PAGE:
The Heat Lurking in Your Attic: Is It Creeping Into Your Home?

heat in attic, Long Island, New YorkIf only heat in attic spaces stayed up there, it wouldn’t be a problem. But when solar energy radiating through the roof raises attic temperatures up to 150 degrees in summer, it becomes an issue for the whole house, not just the attic.

Acute attic heat conducts through the ceiling and into rooms below, raising the temperature by as much as 10 degrees. This heat energy competes with the action of your air conditioner struggling to cool the home. The results are longer A/C on cycles, increased electricity consumption and higher utility costs.

Three defenses combat heat in attic spaces: sealing, insulation and ventilation. Here’s how each approach helps.

  • Sealing – Direct air leaks into living spaces are attic heat conduits. These can be sealed with caulking or expanding spray foam to stop air exchange. Penetration points where vent pipes and ducts enter the attic, as well as ceiling-mounted light fixtures, are prime suspects. Structural cracks and gaps at the juncture between ceiling and walls also allow attic heat into rooms.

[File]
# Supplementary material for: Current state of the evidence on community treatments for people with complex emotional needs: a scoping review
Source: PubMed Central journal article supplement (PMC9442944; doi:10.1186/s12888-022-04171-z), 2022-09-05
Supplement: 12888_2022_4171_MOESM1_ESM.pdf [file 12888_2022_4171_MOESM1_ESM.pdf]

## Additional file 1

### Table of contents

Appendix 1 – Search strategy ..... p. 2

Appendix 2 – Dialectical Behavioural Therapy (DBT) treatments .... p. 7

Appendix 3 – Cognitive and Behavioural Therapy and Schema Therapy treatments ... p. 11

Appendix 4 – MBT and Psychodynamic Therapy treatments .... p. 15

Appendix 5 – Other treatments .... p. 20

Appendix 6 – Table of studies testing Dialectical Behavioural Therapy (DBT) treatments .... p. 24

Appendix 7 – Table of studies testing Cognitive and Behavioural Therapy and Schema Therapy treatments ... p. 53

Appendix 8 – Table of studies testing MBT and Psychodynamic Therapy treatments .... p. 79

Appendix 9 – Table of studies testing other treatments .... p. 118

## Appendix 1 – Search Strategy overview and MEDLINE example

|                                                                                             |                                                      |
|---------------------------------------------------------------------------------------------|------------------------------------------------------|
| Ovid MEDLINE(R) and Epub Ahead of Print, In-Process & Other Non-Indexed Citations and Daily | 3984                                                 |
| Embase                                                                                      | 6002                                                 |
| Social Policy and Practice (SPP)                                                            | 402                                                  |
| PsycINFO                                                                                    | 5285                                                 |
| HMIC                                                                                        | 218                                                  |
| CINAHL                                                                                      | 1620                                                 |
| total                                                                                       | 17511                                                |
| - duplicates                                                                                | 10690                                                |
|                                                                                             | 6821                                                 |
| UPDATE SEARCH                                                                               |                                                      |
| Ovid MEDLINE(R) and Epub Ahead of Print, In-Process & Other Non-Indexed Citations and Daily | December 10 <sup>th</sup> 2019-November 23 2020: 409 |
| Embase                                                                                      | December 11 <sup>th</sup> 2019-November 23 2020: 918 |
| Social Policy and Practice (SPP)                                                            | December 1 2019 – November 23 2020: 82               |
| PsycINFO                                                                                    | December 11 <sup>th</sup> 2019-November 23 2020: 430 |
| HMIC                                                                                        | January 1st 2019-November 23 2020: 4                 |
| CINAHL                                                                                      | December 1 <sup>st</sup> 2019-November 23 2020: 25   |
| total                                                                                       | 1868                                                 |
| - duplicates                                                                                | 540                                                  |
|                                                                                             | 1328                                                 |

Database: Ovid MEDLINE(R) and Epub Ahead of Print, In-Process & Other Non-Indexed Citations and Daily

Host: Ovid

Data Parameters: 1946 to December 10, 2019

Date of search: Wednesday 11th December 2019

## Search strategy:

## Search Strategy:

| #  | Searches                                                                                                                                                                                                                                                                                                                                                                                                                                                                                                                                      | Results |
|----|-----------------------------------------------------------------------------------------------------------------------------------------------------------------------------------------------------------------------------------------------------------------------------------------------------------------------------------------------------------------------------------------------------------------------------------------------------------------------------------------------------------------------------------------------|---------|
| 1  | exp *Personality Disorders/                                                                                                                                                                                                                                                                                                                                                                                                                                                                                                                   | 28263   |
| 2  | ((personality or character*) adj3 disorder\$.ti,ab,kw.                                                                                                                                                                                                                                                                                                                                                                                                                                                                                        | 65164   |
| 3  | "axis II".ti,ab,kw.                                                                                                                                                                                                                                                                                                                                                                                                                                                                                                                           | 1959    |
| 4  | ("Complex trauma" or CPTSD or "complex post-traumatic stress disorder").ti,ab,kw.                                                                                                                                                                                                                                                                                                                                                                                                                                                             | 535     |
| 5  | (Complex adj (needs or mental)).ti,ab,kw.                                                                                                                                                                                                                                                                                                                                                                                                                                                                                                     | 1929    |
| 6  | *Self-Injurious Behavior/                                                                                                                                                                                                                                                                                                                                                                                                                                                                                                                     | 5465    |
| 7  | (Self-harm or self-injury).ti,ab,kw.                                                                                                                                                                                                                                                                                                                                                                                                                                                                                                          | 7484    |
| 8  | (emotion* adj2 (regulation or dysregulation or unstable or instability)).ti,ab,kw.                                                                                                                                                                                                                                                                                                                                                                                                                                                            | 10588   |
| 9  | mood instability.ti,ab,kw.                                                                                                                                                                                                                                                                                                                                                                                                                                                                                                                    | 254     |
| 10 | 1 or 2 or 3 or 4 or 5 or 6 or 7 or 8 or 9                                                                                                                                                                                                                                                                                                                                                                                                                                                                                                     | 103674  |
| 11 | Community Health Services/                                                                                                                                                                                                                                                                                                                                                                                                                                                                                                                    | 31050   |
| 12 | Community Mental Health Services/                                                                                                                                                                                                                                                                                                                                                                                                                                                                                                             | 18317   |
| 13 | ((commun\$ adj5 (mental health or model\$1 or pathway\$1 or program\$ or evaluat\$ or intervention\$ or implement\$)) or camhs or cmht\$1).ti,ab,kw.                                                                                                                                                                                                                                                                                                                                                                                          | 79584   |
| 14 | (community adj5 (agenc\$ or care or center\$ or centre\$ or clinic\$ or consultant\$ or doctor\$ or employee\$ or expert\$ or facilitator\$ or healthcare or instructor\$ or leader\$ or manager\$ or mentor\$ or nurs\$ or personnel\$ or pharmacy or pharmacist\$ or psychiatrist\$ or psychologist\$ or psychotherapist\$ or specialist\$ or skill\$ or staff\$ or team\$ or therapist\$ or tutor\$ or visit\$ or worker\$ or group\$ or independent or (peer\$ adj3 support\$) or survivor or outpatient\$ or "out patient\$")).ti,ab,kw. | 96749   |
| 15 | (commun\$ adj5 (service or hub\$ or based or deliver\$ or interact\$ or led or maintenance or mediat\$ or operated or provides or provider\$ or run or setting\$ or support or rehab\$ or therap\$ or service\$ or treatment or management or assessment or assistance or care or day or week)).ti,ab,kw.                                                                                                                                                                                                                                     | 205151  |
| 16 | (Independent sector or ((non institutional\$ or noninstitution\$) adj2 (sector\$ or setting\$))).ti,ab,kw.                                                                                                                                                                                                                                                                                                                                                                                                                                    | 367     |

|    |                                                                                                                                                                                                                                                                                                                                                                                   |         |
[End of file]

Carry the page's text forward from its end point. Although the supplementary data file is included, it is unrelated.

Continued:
• Insulation – Heat energy always flows from a hot zone into a cooler zone. Most of the heat transfer between attic and living spaces occurs by conduction. Attic insulation installed in the floor of the attic slows this process. The heat resisting properties of insulation are rated by its R-value per inch of depth. In Long Island’s climate, at least a foot of fiberglass insulation or 10 inches of cellulose loose-fill is the minimum for proper attic heat resistance.
  • Ventilation – Most attics utilize passive ventilation methods where air entering at the soffits naturally rises up and out of vents near the roof peak. Unfortunately, the passive approach isn’t usually enough to keep up with summer attic heat. Installing a solar attic fan on the roof boosts passive ventilation, increasing circulation so hot air is exhausted more rapidly. Attic temperatures can be reduced by as much as 50 degrees by adding ventilation.

Serving Long Island for more than 75 years, T. F. O’Brien Cooling & Heating is your year-round home comfort specialist. Ask us for more tips to reduce excess heat in attic spaces this summer.

Image via Shutterstock.com

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